Another part of the Sukkot celebration is recorded in Leviticus 23:40 (NLT), where the Bible commands the Israelites to take four species of fruit from beautiful trees—a citron or Etrog, a palm branch, a bough of leafy trees (myrtle), and a willow branch and “celebrate with joy before the LORD your God for seven days.” 

Great care is taken to choose an Etrog without a blemish but with many bumps. During morning prayers each day, Jewish men wave the Lulav (the three branches) and Etrog before the Lord. 

“We wave them in many different directions, and we really look above and that’s what this type of roof helps us to remember. We’re looking above because that’s where our help is going to come from,” says Ben-Haim.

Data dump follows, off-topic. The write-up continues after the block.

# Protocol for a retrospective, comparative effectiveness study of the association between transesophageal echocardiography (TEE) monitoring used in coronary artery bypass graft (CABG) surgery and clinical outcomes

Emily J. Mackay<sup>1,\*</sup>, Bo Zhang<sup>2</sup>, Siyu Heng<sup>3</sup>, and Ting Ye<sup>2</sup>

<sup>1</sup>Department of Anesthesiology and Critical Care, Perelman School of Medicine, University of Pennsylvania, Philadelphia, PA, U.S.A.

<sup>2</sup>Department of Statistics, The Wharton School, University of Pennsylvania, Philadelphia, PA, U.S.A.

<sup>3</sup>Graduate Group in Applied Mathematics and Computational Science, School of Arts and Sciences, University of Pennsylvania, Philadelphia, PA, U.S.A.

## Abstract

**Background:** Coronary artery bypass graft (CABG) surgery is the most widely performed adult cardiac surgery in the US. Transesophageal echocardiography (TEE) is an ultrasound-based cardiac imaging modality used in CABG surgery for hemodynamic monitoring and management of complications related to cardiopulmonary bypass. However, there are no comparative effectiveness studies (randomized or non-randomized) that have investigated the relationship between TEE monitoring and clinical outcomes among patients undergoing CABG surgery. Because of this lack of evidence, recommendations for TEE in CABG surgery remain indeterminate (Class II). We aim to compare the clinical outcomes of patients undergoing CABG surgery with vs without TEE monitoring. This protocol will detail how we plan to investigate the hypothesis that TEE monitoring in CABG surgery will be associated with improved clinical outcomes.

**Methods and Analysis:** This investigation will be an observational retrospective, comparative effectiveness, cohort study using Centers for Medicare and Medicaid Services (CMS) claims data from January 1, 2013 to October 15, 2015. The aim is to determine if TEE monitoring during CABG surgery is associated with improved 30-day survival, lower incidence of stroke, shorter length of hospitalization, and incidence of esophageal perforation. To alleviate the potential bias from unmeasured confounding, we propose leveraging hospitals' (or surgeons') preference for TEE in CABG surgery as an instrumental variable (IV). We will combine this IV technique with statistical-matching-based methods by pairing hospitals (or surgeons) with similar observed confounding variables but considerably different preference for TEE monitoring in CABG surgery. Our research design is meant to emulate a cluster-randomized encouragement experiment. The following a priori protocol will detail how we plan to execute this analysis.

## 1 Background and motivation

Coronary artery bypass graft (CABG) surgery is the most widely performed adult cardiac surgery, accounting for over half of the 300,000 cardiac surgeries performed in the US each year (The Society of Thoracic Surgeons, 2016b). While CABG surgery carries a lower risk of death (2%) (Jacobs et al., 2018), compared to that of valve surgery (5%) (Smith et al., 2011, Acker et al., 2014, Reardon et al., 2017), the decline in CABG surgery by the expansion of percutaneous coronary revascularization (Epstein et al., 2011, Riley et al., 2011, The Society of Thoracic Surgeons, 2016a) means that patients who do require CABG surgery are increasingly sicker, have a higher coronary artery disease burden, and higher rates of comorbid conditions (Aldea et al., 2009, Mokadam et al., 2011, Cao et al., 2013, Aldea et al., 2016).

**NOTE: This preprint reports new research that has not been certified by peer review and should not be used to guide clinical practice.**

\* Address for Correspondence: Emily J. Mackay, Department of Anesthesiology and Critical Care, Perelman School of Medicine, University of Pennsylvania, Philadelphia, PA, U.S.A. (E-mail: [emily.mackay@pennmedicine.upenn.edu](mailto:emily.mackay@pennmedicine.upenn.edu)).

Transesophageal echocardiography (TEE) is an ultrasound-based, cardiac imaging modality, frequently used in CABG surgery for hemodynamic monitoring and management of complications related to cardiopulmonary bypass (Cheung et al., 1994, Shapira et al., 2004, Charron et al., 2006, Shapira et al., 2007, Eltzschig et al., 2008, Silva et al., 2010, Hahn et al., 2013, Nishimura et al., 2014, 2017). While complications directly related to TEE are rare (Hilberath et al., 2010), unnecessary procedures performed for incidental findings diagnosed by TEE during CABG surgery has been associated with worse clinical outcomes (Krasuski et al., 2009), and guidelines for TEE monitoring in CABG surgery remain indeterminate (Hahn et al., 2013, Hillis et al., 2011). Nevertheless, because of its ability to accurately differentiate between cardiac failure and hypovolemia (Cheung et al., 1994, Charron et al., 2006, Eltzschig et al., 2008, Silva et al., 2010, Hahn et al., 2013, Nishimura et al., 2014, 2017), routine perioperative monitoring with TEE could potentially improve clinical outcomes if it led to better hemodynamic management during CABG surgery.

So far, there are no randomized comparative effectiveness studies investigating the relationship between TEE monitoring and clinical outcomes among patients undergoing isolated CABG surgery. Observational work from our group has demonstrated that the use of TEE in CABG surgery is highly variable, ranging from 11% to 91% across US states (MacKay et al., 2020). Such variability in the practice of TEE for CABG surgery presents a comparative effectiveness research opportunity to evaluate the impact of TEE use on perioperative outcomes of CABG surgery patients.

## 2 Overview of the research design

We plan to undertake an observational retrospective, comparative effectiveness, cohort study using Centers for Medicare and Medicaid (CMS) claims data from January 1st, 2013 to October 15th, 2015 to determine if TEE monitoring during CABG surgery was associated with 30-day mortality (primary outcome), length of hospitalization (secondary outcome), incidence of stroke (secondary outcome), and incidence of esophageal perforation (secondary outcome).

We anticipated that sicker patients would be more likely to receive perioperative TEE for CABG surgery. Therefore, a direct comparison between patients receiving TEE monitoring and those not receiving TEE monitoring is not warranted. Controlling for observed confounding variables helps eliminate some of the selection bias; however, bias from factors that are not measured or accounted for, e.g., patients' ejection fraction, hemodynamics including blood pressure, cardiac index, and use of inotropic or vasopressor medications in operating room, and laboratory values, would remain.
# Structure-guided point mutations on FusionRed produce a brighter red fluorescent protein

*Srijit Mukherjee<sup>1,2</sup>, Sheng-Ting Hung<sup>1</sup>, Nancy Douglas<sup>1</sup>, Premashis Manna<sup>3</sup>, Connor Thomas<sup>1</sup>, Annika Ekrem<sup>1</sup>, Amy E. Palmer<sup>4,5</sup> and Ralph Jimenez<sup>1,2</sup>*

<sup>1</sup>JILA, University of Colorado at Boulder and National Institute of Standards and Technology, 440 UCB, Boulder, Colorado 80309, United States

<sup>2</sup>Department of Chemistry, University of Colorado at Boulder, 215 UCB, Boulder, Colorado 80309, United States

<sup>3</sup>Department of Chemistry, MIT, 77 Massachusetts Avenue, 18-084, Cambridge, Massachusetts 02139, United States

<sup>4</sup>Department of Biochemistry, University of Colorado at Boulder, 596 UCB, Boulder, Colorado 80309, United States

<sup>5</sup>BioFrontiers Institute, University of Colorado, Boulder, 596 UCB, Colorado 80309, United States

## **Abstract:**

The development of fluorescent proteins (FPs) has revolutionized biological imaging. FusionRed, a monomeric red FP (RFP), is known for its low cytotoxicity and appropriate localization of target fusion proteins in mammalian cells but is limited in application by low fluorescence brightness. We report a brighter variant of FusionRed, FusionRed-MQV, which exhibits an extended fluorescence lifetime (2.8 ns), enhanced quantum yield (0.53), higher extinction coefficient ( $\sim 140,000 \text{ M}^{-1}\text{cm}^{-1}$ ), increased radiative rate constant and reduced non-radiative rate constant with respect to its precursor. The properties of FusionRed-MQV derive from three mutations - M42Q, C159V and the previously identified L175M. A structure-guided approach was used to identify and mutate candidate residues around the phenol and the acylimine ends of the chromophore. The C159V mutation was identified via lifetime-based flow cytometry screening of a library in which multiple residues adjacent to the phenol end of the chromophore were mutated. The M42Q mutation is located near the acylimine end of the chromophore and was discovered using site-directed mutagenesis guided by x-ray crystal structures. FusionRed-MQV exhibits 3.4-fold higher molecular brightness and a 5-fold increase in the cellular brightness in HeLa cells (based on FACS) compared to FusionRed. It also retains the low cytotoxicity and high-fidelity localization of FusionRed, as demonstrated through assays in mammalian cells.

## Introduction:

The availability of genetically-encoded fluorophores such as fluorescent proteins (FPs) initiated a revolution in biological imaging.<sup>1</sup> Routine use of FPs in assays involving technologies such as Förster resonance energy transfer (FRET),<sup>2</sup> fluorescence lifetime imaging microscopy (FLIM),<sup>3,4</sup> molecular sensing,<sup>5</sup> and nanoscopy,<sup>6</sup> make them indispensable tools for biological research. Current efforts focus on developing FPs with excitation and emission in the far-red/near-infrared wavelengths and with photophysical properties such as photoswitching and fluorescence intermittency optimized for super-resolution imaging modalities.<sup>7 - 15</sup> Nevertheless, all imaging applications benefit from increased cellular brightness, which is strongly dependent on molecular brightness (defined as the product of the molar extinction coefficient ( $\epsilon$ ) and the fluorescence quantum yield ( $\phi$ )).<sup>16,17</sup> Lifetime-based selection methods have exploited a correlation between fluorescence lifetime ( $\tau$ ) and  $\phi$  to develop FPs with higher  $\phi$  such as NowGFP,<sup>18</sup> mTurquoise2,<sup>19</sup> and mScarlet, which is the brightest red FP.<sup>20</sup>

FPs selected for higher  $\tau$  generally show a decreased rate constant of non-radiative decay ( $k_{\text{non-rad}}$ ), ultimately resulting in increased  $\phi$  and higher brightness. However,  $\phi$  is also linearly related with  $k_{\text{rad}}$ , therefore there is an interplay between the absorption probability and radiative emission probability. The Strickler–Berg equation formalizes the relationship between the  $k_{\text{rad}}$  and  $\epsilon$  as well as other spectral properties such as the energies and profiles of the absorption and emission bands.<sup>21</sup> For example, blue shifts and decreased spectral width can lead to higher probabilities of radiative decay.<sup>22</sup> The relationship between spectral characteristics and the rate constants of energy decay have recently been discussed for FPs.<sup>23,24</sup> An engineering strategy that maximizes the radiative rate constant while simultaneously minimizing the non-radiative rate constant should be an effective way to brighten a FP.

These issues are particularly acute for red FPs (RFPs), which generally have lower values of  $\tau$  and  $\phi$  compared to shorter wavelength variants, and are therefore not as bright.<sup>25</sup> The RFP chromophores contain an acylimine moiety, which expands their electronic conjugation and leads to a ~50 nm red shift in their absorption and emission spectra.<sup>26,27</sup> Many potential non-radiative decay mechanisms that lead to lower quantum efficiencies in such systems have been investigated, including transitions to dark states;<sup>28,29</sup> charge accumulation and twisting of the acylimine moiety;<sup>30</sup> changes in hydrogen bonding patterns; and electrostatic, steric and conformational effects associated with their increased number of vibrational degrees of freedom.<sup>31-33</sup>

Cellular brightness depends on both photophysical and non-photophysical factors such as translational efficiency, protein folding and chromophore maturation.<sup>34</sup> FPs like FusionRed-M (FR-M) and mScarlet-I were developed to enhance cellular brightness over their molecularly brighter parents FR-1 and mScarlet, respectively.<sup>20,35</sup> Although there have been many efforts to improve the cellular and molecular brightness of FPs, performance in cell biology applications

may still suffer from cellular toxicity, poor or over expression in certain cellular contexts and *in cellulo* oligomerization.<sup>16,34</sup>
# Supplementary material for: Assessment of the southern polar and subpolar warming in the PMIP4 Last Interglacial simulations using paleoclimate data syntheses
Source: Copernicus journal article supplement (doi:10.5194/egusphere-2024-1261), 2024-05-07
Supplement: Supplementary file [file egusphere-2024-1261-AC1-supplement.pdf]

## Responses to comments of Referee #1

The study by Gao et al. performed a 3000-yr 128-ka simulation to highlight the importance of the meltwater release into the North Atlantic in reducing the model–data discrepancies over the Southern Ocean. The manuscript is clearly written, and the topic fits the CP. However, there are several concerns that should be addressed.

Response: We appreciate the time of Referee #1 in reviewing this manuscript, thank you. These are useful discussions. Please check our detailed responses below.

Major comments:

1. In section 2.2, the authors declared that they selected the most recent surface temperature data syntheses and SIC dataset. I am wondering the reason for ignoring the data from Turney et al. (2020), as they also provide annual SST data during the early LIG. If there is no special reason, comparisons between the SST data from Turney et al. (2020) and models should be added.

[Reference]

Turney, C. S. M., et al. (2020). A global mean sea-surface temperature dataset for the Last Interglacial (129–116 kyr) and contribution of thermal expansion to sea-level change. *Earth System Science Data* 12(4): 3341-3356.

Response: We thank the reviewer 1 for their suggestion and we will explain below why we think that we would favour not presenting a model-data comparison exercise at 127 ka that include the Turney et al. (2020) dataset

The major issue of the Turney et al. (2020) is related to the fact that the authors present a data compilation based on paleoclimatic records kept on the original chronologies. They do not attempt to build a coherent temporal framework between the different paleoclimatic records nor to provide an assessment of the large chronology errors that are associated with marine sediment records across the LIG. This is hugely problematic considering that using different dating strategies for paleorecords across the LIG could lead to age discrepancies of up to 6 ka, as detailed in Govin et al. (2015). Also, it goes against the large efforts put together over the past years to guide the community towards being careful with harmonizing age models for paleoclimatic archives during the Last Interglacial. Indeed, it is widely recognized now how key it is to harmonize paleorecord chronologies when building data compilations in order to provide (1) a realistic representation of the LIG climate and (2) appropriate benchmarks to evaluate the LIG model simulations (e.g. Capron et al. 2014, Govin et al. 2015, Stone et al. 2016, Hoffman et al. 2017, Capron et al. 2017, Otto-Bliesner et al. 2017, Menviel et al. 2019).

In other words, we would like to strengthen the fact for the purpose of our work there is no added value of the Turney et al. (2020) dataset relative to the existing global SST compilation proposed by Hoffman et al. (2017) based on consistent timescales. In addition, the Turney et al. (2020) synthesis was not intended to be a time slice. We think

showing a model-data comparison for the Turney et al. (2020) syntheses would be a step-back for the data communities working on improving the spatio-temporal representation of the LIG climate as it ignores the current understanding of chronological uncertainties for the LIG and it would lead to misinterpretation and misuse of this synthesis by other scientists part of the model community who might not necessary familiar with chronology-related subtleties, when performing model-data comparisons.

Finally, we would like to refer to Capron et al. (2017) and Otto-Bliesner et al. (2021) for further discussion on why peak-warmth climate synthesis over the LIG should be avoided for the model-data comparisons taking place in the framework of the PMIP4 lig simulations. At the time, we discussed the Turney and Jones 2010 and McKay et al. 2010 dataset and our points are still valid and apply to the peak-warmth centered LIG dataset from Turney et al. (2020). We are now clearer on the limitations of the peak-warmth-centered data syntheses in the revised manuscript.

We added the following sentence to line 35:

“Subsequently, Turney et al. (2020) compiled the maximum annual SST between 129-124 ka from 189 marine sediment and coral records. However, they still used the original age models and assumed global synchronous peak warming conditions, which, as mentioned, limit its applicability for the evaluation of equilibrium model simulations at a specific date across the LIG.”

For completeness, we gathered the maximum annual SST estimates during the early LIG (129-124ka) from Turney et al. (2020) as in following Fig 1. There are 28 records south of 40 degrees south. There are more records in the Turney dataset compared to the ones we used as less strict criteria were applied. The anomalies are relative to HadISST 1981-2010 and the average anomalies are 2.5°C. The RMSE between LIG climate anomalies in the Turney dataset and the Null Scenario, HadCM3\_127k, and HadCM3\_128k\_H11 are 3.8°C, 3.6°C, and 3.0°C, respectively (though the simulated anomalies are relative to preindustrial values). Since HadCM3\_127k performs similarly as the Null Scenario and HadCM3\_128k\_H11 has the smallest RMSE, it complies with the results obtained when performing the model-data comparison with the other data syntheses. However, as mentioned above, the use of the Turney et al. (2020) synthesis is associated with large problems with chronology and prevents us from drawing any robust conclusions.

The New Testament records that Jesus went up to Jerusalem at the Feast: The Jewish Festival of Tabernacles was near, so His brothers said to Him, “Leave here and go to Judea so Your disciples can see Your works that You are doing.” … When the festival was already half over, Jesus went up into the temple complex and began to teach ( John 7:2-3, 14 HCSB). 

For Christians (actually the whole world), the Feast of Tabernacles has prophetic significance. In the book of Zechariah, the prophet says that one day all nations will come up to Jerusalem to celebrate the Feast. 

Since 1980, thousands of Christians from around the world have come up to Jerusalem every year to see prophecy fulfilled and to celebrate at the International Christian Embassy Jerusalem’s Feast of Tabernacles event. Other Christian ministries also hold Feast celebrations now. 

“They’re following the invitation of Zechariah 14, where it says that one day all the nations will come up to celebrate this biblical feast here in Jerusalem, to worship the Lord and keep the Feast of Tabernacles. Our showing up here now for this feast is a statement of faith that there’s coming a day when the Messiah will rule here,” says David Parsons, ICEJ spokesman.